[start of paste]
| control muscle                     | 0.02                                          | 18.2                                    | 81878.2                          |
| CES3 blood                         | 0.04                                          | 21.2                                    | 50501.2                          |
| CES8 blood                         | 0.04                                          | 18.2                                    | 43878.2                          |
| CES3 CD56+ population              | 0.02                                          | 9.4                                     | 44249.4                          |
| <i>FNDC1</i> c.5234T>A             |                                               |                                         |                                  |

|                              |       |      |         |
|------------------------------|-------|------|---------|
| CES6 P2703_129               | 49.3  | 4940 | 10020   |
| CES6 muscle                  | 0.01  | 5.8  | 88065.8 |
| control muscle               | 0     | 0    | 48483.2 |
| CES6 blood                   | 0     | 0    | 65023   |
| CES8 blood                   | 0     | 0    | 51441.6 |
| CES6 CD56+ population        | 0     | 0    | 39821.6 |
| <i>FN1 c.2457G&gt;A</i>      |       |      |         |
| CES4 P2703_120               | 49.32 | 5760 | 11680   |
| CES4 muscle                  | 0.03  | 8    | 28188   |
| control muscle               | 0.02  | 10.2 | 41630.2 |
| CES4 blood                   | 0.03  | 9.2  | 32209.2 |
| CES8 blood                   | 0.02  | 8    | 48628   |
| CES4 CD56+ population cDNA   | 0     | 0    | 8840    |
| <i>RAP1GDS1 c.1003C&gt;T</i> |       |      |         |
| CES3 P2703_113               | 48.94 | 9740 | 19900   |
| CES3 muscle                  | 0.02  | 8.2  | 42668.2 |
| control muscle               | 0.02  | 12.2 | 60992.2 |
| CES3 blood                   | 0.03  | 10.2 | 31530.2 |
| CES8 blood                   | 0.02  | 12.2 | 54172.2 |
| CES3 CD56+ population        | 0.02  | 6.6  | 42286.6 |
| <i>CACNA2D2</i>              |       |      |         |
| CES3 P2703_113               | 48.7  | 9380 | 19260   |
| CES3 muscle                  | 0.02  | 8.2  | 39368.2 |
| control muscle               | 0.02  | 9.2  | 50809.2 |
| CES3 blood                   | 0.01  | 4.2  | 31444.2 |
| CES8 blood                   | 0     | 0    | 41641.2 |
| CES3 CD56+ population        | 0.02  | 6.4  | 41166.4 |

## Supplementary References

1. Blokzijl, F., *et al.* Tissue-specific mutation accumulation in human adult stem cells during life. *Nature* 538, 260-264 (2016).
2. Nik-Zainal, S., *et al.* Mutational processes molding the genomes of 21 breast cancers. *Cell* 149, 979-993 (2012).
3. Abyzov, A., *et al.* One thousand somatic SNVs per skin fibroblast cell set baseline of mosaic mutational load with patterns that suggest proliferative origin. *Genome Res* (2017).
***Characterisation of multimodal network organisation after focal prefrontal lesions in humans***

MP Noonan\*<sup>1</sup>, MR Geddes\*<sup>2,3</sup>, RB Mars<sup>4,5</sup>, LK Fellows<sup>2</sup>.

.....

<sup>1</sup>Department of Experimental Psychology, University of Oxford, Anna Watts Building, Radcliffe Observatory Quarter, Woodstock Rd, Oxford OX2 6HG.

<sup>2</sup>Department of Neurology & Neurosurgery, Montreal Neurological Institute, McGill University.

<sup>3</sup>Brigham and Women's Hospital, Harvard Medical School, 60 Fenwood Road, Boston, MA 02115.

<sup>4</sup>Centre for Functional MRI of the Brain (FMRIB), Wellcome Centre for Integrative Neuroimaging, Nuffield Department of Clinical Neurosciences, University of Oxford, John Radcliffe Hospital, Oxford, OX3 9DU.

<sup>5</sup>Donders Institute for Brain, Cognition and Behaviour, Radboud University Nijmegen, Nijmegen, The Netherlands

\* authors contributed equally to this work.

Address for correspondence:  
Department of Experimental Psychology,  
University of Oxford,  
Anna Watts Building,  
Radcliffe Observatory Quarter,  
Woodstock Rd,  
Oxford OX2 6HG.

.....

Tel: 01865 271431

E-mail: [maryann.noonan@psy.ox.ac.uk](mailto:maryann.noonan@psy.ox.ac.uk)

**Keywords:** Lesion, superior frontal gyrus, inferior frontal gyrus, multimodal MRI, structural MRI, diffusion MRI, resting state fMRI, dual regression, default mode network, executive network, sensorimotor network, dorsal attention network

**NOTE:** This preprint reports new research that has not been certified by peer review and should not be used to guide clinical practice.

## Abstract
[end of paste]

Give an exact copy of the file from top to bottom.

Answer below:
| control muscle                     | 0.02                                          | 18.2                                    | 81878.2                          |
| CES3 blood                         | 0.04                                          | 21.2                                    | 50501.2                          |
| CES8 blood                         | 0.04                                          | 18.2                                    | 43878.2                          |
| CES3 CD56+ population              | 0.02                                          | 9.4                                     | 44249.4                          |
| <i>FNDC1</i> c.5234T>A             |                                               |                                         |                                  |

|                              |       |      |         |
|------------------------------|-------|------|---------|
| CES6 P2703_129               | 49.3  | 4940 | 10020   |
| CES6 muscle                  | 0.01  | 5.8  | 88065.8 |
| control muscle               | 0     | 0    | 48483.2 |
| CES6 blood                   | 0     | 0    | 65023   |
| CES8 blood                   | 0     | 0    | 51441.6 |
| CES6 CD56+ population        | 0     | 0    | 39821.6 |
| <i>FN1 c.2457G&gt;A</i>      |       |      |         |
| CES4 P2703_120               | 49.32 | 5760 | 11680   |
| CES4 muscle                  | 0.03  | 8    | 28188   |
| control muscle               | 0.02  | 10.2 | 41630.2 |
| CES4 blood                   | 0.03  | 9.2  | 32209.2 |
| CES8 blood                   | 0.02  | 8    | 48628   |
| CES4 CD56+ population cDNA   | 0     | 0    | 8840    |
| <i>RAP1GDS1 c.1003C&gt;T</i> |       |      |         |
| CES3 P2703_113               | 48.94 | 9740 | 19900   |
| CES3 muscle                  | 0.02  | 8.2  | 42668.2 |
| control muscle               | 0.02  | 12.2 | 60992.2 |
| CES3 blood                   | 0.03  | 10.2 | 31530.2 |
| CES8 blood                   | 0.02  | 12.2 | 54172.2 |
| CES3 CD56+ population        | 0.02  | 6.6  | 42286.6 |
| <i>CACNA2D2</i>              |       |      |         |
| CES3 P2703_113               | 48.7  | 9380 | 19260   |
| CES3 muscle                  | 0.02  | 8.2  | 39368.2 |
| control muscle               | 0.02  | 9.2  | 50809.2 |
| CES3 blood                   | 0.01  | 4.2  | 31444.2 |
| CES8 blood                   | 0     | 0    | 41641.2 |
| CES3 CD56+ population        | 0.02  | 6.4  | 41166.4 |

## Supplementary References

1. Blokzijl, F., *et al.* Tissue-specific mutation accumulation in human adult stem cells during life. *Nature* 538, 260-264 (2016).
2. Nik-Zainal, S., *et al.* Mutational processes molding the genomes of 21 breast cancers. *Cell* 149, 979-993 (2012).
3. Abyzov, A., *et al.* One thousand somatic SNVs per skin fibroblast cell set baseline of mosaic mutational load with patterns that suggest proliferative origin. *Genome Res* (2017).
***Characterisation of multimodal network organisation after focal prefrontal lesions in humans***

MP Noonan\*<sup>1</sup>, MR Geddes\*<sup>2,3</sup>, RB Mars<sup>4,5</sup>, LK Fellows<sup>2</sup>.

.....

<sup>1</sup>Department of Experimental Psychology, University of Oxford, Anna Watts Building, Radcliffe Observatory Quarter, Woodstock Rd, Oxford OX2 6HG.

<sup>2</sup>Department of Neurology & Neurosurgery, Montreal Neurological Institute, McGill University.

<sup>3</sup>Brigham and Women's Hospital, Harvard Medical School, 60 Fenwood Road, Boston, MA 02115.

<sup>4</sup>Centre for Functional MRI of the Brain (FMRIB), Wellcome Centre for Integrative Neuroimaging, Nuffield Department of Clinical Neurosciences, University of Oxford, John Radcliffe Hospital, Oxford, OX3 9DU.

<sup>5</sup>Donders Institute for Brain, Cognition and Behaviour, Radboud University Nijmegen, Nijmegen, The Netherlands

\* authors contributed equally to this work.

Address for correspondence:  
Department of Experimental Psychology,  
University of Oxford,  
Anna Watts Building,  
Radcliffe Observatory Quarter,  
Woodstock Rd,  
Oxford OX2 6HG.

.....

Tel: 01865 271431

E-mail: [maryann.noonan@psy.ox.ac.uk](mailto:maryann.noonan@psy.ox.ac.uk)

**Keywords:** Lesion, superior frontal gyrus, inferior frontal gyrus, multimodal MRI, structural MRI, diffusion MRI, resting state fMRI, dual regression, default mode network, executive network, sensorimotor network, dorsal attention network

**NOTE:** This preprint reports new research that has not been certified by peer review and should not be used to guide clinical practice.

## Abstract